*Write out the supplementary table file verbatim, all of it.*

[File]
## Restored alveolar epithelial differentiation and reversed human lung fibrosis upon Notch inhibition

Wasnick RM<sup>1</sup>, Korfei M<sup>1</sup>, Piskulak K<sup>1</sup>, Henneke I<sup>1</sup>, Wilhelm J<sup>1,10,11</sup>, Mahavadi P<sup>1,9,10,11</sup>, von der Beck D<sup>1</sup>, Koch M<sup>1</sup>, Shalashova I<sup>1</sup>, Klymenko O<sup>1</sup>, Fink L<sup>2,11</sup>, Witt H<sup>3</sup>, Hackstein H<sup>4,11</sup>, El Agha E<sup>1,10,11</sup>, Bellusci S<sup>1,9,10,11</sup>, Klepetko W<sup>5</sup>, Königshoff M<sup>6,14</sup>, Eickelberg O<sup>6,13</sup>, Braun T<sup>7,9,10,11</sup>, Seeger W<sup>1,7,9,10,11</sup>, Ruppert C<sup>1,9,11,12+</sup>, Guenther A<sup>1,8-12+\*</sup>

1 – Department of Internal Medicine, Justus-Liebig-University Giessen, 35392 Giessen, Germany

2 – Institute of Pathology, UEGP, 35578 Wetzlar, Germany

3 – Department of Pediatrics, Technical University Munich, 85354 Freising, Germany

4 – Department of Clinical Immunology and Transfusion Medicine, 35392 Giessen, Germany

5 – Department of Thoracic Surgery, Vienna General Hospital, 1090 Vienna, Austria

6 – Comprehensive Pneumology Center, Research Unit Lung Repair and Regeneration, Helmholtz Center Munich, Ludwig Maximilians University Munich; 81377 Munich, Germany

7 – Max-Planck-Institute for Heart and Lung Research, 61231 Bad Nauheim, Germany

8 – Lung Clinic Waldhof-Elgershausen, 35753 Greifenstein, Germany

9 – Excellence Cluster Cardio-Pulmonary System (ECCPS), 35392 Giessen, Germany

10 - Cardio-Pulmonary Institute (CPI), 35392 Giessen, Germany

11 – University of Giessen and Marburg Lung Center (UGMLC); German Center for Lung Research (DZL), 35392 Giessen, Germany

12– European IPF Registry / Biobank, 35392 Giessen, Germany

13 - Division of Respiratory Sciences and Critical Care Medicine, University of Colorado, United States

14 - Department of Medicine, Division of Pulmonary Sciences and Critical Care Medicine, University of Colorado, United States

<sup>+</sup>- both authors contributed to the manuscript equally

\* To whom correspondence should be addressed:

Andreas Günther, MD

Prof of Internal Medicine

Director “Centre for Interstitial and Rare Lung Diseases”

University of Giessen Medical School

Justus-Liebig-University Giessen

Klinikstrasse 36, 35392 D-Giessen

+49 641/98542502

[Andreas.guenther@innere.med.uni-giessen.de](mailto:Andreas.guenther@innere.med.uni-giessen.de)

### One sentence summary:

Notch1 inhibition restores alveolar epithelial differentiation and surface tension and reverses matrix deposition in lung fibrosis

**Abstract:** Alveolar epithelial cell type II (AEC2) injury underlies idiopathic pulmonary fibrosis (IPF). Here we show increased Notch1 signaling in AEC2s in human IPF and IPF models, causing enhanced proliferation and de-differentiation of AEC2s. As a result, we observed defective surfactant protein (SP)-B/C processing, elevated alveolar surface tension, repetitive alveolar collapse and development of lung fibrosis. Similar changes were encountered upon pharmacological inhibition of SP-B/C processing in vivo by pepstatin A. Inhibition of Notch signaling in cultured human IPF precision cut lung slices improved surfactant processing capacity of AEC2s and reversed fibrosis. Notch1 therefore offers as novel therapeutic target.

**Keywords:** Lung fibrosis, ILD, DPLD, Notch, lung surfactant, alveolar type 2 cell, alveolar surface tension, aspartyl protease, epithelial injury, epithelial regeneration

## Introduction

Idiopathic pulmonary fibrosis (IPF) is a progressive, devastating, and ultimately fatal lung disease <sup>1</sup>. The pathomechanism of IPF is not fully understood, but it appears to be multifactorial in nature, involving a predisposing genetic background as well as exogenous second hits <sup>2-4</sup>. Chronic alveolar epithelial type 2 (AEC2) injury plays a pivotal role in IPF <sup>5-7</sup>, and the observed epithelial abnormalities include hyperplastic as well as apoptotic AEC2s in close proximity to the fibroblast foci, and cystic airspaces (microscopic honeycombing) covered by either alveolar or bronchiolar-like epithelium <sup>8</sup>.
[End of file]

## Restored alveolar epithelial differentiation and reversed human lung fibrosis upon Notch inhibition

Wasnick RM<sup>1</sup>, Korfei M<sup>1</sup>, Piskulak K<sup>1</sup>, Henneke I<sup>1</sup>, Wilhelm J<sup>1,10,11</sup>, Mahavadi P<sup>1,9,10,11</sup>, von der Beck D<sup>1</sup>, Koch M<sup>1</sup>, Shalashova I<sup>1</sup>, Klymenko O<sup>1</sup>, Fink L<sup>2,11</sup>, Witt H<sup>3</sup>, Hackstein H<sup>4,11</sup>, El Agha E<sup>1,10,11</sup>, Bellusci S<sup>1,9,10,11</sup>, Klepetko W<sup>5</sup>, Königshoff M<sup>6,14</sup>, Eickelberg O<sup>6,13</sup>, Braun T<sup>7,9,10,11</sup>, Seeger W<sup>1,7,9,10,11</sup>, Ruppert C<sup>1,9,11,12+</sup>, Guenther A<sup>1,8-12+\*</sup>

1 – Department of Internal Medicine, Justus-Liebig-University Giessen, 35392 Giessen, Germany

2 – Institute of Pathology, UEGP, 35578 Wetzlar, Germany

3 – Department of Pediatrics, Technical University Munich, 85354 Freising, Germany

4 – Department of Clinical Immunology and Transfusion Medicine, 35392 Giessen, Germany

5 – Department of Thoracic Surgery, Vienna General Hospital, 1090 Vienna, Austria

6 – Comprehensive Pneumology Center, Research Unit Lung Repair and Regeneration, Helmholtz Center Munich, Ludwig Maximilians University Munich; 81377 Munich, Germany

7 – Max-Planck-Institute for Heart and Lung Research, 61231 Bad Nauheim, Germany

8 – Lung Clinic Waldhof-Elgershausen, 35753 Greifenstein, Germany

9 – Excellence Cluster Cardio-Pulmonary System (ECCPS), 35392 Giessen, Germany

10 - Cardio-Pulmonary Institute (CPI), 35392 Giessen, Germany

11 – University of Giessen and Marburg Lung Center (UGMLC); German Center for Lung Research (DZL), 35392 Giessen, Germany

12– European IPF Registry / Biobank, 35392 Giessen, Germany

13 - Division of Respiratory Sciences and Critical Care Medicine, University of Colorado, United States

14 - Department of Medicine, Division of Pulmonary Sciences and Critical Care Medicine, University of Colorado, United States

<sup>+</sup>- both authors contributed to the manuscript equally

\* To whom correspondence should be addressed:

Andreas Günther, MD

Prof of Internal Medicine

Director “Centre for Interstitial and Rare Lung Diseases”

University of Giessen Medical School

Justus-Liebig-University Giessen

Klinikstrasse 36, 35392 D-Giessen

+49 641/98542502

[Andreas.guenther@innere.med.uni-giessen.de](mailto:Andreas.guenther@innere.med.uni-giessen.de)

### One sentence summary:

Notch1 inhibition restores alveolar epithelial differentiation and surface tension and reverses matrix deposition in lung fibrosis

**Abstract:** Alveolar epithelial cell type II (AEC2) injury underlies idiopathic pulmonary fibrosis (IPF). Here we show increased Notch1 signaling in AEC2s in human IPF and IPF models, causing enhanced proliferation and de-differentiation of AEC2s. As a result, we observed defective surfactant protein (SP)-B/C processing, elevated alveolar surface tension, repetitive alveolar collapse and development of lung fibrosis. Similar changes were encountered upon pharmacological inhibition of SP-B/C processing in vivo by pepstatin A. Inhibition of Notch signaling in cultured human IPF precision cut lung slices improved surfactant processing capacity of AEC2s and reversed fibrosis. Notch1 therefore offers as novel therapeutic target.

**Keywords:** Lung fibrosis, ILD, DPLD, Notch, lung surfactant, alveolar type 2 cell, alveolar surface tension, aspartyl protease, epithelial injury, epithelial regeneration

## Introduction

Idiopathic pulmonary fibrosis (IPF) is a progressive, devastating, and ultimately fatal lung disease <sup>1</sup>. The pathomechanism of IPF is not fully understood, but it appears to be multifactorial in nature, involving a predisposing genetic background as well as exogenous second hits <sup>2-4</sup>. Chronic alveolar epithelial type 2 (AEC2) injury plays a pivotal role in IPF <sup>5-7</sup>, and the observed epithelial abnormalities include hyperplastic as well as apoptotic AEC2s in close proximity to the fibroblast foci, and cystic airspaces (microscopic honeycombing) covered by either alveolar or bronchiolar-like epithelium <sup>8</sup>.